We soon arrived at my new place, which, in case you don’t recall, is this one here. (The location on the map at the top is on the western end of the north shore, near “Bang Po Village”.) Looking at that listing again, I can see that the price has come down a bit, from $30/night to $23/night; I guess we’re moving away from the peak season. Anyway, that listing has some pictures in it, and here are some of mine.
So, that’s the place. When Ian and his wife dropped me off, I was met by the owner Steve’s wife, a Thai woman in her early 30s who showed me the place and handed off the keys (a front door key for the door handle lock, supplemented by a front door padlock). The first thing I did, because the air inside was warm and still, was go around and open all the windows. This consists of unlatching the screens to swing them open, pushing the wood-and-glass windows outwards, and then closing and relatching the screens. 17 times. I have not touched them since. Can you imagine closing all of them as the day warms and you turn on the A/C, and then opening all of them in the evening when it’s cooler? I can’t. I mean, obviously, I can, but I’m not gonna.
I think I’ve made my point. In short, as in my time in Khanom, I have not used my AC while I’ve been here, though there have been many days when it would have been nice. But it’s just too much work. And, in truth, I prefer to not use the AC and just enjoy the open air. But I’ve been here over 3 weeks now, and there was a solid week of “94° feels like 106°” (according to my weather app, and I believe it), and that really wasn’t an entirely happy thing.
There is a real advantage to my not writing up these blog entries as the events happen. If I’d described this place the day I arrived, and for several days after, I would not have been flattering. Monday evening and Tuesday, I was headachey, and finally getting over it Wednesday, and the weak points of this place were a bit overwhelming, especially coming from the fairly ideal place I’d stayed at in Khanom. Later, it was just a simpler matter of pros and cons. But I’ll get to those in a moment.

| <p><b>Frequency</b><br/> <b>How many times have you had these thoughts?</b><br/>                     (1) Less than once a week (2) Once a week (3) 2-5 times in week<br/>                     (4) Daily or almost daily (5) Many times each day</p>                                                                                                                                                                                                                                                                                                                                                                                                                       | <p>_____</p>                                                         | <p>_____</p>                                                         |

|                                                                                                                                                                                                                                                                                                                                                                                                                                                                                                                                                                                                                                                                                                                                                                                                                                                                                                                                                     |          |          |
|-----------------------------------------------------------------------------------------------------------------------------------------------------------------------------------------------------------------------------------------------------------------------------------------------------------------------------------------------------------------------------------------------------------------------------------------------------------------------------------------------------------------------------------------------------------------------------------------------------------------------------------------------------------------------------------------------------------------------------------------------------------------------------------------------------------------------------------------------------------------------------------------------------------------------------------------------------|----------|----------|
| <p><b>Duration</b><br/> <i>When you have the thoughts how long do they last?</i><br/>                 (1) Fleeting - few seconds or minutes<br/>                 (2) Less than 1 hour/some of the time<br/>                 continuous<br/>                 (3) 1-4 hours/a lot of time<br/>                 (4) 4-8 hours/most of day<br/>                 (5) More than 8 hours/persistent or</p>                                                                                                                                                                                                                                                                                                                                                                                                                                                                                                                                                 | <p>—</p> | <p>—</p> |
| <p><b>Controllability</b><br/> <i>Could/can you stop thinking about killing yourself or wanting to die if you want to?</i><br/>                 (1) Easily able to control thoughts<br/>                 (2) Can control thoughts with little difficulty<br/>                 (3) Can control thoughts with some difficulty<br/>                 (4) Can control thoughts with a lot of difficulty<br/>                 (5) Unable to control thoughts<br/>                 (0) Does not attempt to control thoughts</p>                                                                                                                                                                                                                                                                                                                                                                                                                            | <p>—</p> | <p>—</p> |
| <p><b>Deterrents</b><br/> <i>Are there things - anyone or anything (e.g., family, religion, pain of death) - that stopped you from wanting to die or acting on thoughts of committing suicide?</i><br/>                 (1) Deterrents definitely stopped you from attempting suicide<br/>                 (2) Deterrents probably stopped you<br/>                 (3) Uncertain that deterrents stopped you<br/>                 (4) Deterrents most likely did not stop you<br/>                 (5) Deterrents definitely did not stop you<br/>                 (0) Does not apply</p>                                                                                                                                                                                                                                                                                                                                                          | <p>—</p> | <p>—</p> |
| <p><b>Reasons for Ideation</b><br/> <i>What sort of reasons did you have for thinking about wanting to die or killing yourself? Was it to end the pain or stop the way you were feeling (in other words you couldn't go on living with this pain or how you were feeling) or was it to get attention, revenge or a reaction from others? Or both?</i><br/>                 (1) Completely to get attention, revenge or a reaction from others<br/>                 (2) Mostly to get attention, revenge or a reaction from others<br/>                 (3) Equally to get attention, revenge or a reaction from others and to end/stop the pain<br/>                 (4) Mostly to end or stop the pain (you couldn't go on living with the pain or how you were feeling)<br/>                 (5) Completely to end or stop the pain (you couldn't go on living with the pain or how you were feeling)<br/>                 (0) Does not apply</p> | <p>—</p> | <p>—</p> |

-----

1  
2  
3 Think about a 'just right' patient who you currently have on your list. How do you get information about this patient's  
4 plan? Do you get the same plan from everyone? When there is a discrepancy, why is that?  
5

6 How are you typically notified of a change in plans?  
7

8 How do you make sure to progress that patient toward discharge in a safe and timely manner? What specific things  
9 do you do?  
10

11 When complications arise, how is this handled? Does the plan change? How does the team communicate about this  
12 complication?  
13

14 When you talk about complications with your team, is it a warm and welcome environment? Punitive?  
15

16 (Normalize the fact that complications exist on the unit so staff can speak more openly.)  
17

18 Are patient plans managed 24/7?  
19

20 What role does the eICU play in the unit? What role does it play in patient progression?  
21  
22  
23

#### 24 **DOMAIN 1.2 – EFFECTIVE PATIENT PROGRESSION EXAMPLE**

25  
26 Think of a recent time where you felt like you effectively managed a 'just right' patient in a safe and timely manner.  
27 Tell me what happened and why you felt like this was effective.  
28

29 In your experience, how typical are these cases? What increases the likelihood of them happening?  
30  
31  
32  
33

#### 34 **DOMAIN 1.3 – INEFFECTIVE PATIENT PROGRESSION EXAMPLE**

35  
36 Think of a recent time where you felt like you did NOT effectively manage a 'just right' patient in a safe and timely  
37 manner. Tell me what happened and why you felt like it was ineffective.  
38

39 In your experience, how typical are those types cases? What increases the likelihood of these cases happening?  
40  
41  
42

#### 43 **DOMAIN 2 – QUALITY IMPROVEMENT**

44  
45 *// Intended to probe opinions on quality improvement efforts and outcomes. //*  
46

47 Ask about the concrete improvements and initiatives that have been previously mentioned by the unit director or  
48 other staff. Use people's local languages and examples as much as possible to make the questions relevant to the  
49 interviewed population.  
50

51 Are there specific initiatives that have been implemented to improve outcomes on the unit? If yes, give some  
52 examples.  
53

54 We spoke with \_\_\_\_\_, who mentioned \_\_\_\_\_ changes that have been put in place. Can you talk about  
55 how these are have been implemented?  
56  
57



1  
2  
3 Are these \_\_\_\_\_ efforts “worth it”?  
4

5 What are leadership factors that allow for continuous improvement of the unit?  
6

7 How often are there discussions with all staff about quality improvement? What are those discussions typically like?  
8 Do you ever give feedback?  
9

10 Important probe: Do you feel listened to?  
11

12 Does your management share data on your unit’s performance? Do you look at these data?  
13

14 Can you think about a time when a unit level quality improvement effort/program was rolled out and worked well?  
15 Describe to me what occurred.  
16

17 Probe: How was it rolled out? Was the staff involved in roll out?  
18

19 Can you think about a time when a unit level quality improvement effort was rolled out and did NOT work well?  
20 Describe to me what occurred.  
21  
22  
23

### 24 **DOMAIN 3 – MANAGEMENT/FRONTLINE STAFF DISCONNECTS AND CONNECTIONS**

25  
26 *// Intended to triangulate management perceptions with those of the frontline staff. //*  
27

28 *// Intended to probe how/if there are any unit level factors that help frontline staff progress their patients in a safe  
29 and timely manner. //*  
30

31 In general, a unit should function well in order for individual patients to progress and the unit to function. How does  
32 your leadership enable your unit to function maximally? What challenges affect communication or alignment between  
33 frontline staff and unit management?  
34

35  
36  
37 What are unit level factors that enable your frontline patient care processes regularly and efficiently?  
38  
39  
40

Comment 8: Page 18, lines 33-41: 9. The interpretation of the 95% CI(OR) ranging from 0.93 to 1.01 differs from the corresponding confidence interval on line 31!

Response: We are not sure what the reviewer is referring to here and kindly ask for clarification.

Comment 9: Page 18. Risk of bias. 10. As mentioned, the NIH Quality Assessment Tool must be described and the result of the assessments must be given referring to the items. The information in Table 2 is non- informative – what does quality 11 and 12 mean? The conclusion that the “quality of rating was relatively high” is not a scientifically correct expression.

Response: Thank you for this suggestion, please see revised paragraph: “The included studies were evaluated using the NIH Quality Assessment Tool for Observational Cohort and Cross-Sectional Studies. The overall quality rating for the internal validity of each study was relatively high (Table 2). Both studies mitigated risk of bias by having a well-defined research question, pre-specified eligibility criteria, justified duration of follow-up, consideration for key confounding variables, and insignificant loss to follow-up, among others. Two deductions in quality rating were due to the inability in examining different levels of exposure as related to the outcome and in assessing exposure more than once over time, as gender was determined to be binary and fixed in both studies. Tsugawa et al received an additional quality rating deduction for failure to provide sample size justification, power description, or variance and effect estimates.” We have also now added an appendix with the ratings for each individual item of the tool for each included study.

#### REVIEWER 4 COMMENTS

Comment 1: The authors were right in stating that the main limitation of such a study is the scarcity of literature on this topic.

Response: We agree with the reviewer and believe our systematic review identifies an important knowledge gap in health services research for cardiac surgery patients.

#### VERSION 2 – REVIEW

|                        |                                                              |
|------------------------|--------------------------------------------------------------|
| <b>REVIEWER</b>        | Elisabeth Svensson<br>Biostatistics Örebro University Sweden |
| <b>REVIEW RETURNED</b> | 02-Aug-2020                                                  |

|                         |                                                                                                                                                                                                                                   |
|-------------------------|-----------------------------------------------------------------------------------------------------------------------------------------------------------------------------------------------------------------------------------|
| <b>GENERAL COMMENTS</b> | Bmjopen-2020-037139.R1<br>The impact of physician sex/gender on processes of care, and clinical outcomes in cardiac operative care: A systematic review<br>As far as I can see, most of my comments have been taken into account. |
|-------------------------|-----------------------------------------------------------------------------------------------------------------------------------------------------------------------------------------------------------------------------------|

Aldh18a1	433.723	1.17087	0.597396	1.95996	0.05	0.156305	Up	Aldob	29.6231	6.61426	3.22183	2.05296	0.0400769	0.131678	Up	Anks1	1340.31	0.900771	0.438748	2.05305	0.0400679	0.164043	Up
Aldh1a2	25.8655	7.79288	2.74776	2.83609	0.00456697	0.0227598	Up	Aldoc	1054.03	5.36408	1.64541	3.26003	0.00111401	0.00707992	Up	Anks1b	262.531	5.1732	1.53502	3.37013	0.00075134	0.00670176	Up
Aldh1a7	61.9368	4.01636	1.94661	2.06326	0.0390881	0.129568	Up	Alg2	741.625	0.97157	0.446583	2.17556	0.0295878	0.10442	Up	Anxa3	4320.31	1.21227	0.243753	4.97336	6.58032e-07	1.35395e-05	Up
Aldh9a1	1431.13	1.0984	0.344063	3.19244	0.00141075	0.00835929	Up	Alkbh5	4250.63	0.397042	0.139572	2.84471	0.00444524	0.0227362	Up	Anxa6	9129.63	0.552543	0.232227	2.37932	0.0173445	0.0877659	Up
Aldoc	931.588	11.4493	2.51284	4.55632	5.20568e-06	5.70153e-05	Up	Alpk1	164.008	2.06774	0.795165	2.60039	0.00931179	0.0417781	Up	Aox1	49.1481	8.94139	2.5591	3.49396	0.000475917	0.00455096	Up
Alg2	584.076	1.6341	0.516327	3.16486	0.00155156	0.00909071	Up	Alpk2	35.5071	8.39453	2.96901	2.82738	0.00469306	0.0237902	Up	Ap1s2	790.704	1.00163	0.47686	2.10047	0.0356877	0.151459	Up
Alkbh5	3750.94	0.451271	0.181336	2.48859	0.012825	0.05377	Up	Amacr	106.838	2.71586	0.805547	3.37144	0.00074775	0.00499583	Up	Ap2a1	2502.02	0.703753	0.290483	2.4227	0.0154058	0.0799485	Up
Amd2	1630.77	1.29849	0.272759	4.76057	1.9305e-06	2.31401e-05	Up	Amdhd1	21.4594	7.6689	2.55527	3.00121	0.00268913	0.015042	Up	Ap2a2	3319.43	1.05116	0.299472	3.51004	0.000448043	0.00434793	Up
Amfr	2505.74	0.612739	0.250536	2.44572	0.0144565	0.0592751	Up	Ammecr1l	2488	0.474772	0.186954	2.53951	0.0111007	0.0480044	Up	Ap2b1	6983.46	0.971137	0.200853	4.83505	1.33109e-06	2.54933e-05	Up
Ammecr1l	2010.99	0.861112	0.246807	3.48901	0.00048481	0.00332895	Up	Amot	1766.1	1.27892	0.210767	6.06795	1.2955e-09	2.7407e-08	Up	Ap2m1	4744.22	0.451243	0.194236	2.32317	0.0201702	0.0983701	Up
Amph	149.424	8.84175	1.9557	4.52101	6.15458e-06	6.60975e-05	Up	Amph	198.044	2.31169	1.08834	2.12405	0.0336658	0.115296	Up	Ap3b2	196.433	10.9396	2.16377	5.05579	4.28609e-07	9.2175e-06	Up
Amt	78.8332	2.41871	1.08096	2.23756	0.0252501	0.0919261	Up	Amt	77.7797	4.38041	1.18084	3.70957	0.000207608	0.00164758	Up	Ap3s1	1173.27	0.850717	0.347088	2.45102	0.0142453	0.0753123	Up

So, I settled in on Monday. The owner had left a really great booklet describing the unit and some of the local places, where to buy food and water, some nearby restaurants, etc. Steve showed up that evening and introduced himself, and we had a brief chat. A couple of days later he invited me down to the little stone table overlooking the ocean for “happy hour”, which consisted mostly of snack foods (though he did have whiskey, which I passed on). His wife was there also, though she barely spoke, and a late-20s German guy who had the #4 unit next to me (with his girlfriend). At that occasion I learned that Steve’s life was surprisingly parallel to mine in some superficial respects: he was about my age (I’m guestimating, I think he’s slightly younger but looks older), and he’d been a computer programmer laid off from Sony some years before, and had lived in Marina Del Rey about a block from where I’d lived during the 6.5 years I was there. (He’s not retired, though, and does some computery business that I didn’t inquire about, on top of renting out the beach houses.) And I learned from him and from the German guy that the beach was going to be crappy for swimming. It was super shallow — Steve pointed out a couple of people waaaay out in the water and said, “They’re standing,” which astonished me. And apparently there was a dead coral reef out there and so, between coral bits and shells and what not, the ocean floor was so kludgey that I was advised to wear flip flops or surfboard shoes if I went out there, lest I cut my foot as the German guy did. That was quite the bummer. I also learned that Steve did not believe in the Green Flash and thought it was just an optical effect in your retina. (I’m always amazed to find people who think it’s a myth; I used to see it all the time when I roller bladed along the beach around sunset.) But the snacks and conversation were nice, and there was a nice sunset.